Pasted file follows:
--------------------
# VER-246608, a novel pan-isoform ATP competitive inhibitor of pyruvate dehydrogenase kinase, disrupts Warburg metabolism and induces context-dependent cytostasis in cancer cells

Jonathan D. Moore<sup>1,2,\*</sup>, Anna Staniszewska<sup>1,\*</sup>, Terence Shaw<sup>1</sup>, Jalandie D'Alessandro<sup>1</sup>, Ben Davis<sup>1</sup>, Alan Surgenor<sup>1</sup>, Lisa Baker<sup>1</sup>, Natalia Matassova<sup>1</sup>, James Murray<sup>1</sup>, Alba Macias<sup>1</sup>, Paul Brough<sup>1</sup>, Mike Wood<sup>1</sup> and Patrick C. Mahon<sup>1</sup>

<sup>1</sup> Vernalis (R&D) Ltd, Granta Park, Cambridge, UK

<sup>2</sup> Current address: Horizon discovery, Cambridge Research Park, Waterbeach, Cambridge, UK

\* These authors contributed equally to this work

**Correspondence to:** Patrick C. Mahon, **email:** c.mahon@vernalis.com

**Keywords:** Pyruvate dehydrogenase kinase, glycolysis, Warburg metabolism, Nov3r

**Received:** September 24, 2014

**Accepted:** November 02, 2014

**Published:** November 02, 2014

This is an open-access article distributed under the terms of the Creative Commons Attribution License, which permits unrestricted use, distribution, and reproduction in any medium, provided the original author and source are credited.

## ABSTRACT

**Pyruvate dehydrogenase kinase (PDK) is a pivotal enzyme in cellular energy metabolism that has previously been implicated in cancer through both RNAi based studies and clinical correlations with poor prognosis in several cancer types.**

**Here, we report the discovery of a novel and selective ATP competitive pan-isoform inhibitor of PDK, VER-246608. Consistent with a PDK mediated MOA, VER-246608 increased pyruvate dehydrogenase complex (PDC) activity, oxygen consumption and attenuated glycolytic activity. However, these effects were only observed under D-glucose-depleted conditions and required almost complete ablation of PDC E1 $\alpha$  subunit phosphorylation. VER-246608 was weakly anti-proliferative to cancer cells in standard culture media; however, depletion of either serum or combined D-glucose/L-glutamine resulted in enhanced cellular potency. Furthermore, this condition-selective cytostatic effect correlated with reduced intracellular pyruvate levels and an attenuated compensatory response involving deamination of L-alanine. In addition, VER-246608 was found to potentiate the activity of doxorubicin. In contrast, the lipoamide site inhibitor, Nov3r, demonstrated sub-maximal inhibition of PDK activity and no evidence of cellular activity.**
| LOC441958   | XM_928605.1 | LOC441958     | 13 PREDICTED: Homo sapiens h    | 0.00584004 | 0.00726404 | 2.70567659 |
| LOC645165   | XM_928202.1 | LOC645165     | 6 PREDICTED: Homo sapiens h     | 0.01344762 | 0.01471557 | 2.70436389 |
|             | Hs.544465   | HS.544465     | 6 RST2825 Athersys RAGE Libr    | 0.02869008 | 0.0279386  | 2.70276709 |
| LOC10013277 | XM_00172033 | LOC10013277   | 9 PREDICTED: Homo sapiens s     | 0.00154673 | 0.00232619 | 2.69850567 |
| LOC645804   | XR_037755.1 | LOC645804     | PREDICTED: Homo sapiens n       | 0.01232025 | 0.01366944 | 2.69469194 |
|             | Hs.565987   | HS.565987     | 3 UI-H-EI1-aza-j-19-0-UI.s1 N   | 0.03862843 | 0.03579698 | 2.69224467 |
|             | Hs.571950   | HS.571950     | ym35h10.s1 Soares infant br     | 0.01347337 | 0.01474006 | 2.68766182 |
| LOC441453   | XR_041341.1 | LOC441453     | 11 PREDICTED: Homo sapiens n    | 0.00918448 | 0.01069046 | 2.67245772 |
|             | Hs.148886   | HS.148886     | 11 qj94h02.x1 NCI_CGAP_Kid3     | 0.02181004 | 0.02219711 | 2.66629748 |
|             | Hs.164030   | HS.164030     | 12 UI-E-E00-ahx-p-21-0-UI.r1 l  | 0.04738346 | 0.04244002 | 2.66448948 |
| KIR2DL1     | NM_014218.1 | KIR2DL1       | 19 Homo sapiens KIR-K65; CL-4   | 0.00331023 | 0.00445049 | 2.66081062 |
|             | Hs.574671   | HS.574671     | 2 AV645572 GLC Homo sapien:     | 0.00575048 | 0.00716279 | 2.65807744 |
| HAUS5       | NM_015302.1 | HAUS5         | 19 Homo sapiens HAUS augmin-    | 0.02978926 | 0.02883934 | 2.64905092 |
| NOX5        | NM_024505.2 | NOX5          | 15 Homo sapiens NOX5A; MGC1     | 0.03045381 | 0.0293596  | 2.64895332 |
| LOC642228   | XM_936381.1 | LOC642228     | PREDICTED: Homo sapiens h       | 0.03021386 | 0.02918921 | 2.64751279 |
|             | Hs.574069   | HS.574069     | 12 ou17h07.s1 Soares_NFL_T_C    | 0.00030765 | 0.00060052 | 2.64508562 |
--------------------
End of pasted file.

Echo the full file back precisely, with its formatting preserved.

# VER-246608, a novel pan-isoform ATP competitive inhibitor of pyruvate dehydrogenase kinase, disrupts Warburg metabolism and induces context-dependent cytostasis in cancer cells

Jonathan D. Moore<sup>1,2,\*</sup>, Anna Staniszewska<sup>1,\*</sup>, Terence Shaw<sup>1</sup>, Jalandie D'Alessandro<sup>1</sup>, Ben Davis<sup>1</sup>, Alan Surgenor<sup>1</sup>, Lisa Baker<sup>1</sup>, Natalia Matassova<sup>1</sup>, James Murray<sup>1</sup>, Alba Macias<sup>1</sup>, Paul Brough<sup>1</sup>, Mike Wood<sup>1</sup> and Patrick C. Mahon<sup>1</sup>

<sup>1</sup> Vernalis (R&D) Ltd, Granta Park, Cambridge, UK

<sup>2</sup> Current address: Horizon discovery, Cambridge Research Park, Waterbeach, Cambridge, UK

\* These authors contributed equally to this work

**Correspondence to:** Patrick C. Mahon, **email:** c.mahon@vernalis.com

**Keywords:** Pyruvate dehydrogenase kinase, glycolysis, Warburg metabolism, Nov3r

**Received:** September 24, 2014

**Accepted:** November 02, 2014

**Published:** November 02, 2014

This is an open-access article distributed under the terms of the Creative Commons Attribution License, which permits unrestricted use, distribution, and reproduction in any medium, provided the original author and source are credited.

## ABSTRACT

**Pyruvate dehydrogenase kinase (PDK) is a pivotal enzyme in cellular energy metabolism that has previously been implicated in cancer through both RNAi based studies and clinical correlations with poor prognosis in several cancer types.**

**Here, we report the discovery of a novel and selective ATP competitive pan-isoform inhibitor of PDK, VER-246608. Consistent with a PDK mediated MOA, VER-246608 increased pyruvate dehydrogenase complex (PDC) activity, oxygen consumption and attenuated glycolytic activity. However, these effects were only observed under D-glucose-depleted conditions and required almost complete ablation of PDC E1 $\alpha$  subunit phosphorylation. VER-246608 was weakly anti-proliferative to cancer cells in standard culture media; however, depletion of either serum or combined D-glucose/L-glutamine resulted in enhanced cellular potency. Furthermore, this condition-selective cytostatic effect correlated with reduced intracellular pyruvate levels and an attenuated compensatory response involving deamination of L-alanine. In addition, VER-246608 was found to potentiate the activity of doxorubicin. In contrast, the lipoamide site inhibitor, Nov3r, demonstrated sub-maximal inhibition of PDK activity and no evidence of cellular activity.**
| LOC441958   | XM_928605.1 | LOC441958     | 13 PREDICTED: Homo sapiens h    | 0.00584004 | 0.00726404 | 2.70567659 |
| LOC645165   | XM_928202.1 | LOC645165     | 6 PREDICTED: Homo sapiens h     | 0.01344762 | 0.01471557 | 2.70436389 |
|             | Hs.544465   | HS.544465     | 6 RST2825 Athersys RAGE Libr    | 0.02869008 | 0.0279386  | 2.70276709 |
| LOC10013277 | XM_00172033 | LOC10013277   | 9 PREDICTED: Homo sapiens s     | 0.00154673 | 0.00232619 | 2.69850567 |
| LOC645804   | XR_037755.1 | LOC645804     | PREDICTED: Homo sapiens n       | 0.01232025 | 0.01366944 | 2.69469194 |
|             | Hs.565987   | HS.565987     | 3 UI-H-EI1-aza-j-19-0-UI.s1 N   | 0.03862843 | 0.03579698 | 2.69224467 |
|             | Hs.571950   | HS.571950     | ym35h10.s1 Soares infant br     | 0.01347337 | 0.01474006 | 2.68766182 |
| LOC441453   | XR_041341.1 | LOC441453     | 11 PREDICTED: Homo sapiens n    | 0.00918448 | 0.01069046 | 2.67245772 |
|             | Hs.148886   | HS.148886     | 11 qj94h02.x1 NCI_CGAP_Kid3     | 0.02181004 | 0.02219711 | 2.66629748 |
|             | Hs.164030   | HS.164030     | 12 UI-E-E00-ahx-p-21-0-UI.r1 l  | 0.04738346 | 0.04244002 | 2.66448948 |
| KIR2DL1     | NM_014218.1 | KIR2DL1       | 19 Homo sapiens KIR-K65; CL-4   | 0.00331023 | 0.00445049 | 2.66081062 |
|             | Hs.574671   | HS.574671     | 2 AV645572 GLC Homo sapien:     | 0.00575048 | 0.00716279 | 2.65807744 |
| HAUS5       | NM_015302.1 | HAUS5         | 19 Homo sapiens HAUS augmin-    | 0.02978926 | 0.02883934 | 2.64905092 |
| NOX5        | NM_024505.2 | NOX5          | 15 Homo sapiens NOX5A; MGC1     | 0.03045381 | 0.0293596  | 2.64895332 |
| LOC642228   | XM_936381.1 | LOC642228     | PREDICTED: Homo sapiens h       | 0.03021386 | 0.02918921 | 2.64751279 |
|             | Hs.574069   | HS.574069     | 12 ou17h07.s1 Soares_NFL_T_C    | 0.00030765 | 0.00060052 | 2.64508562 |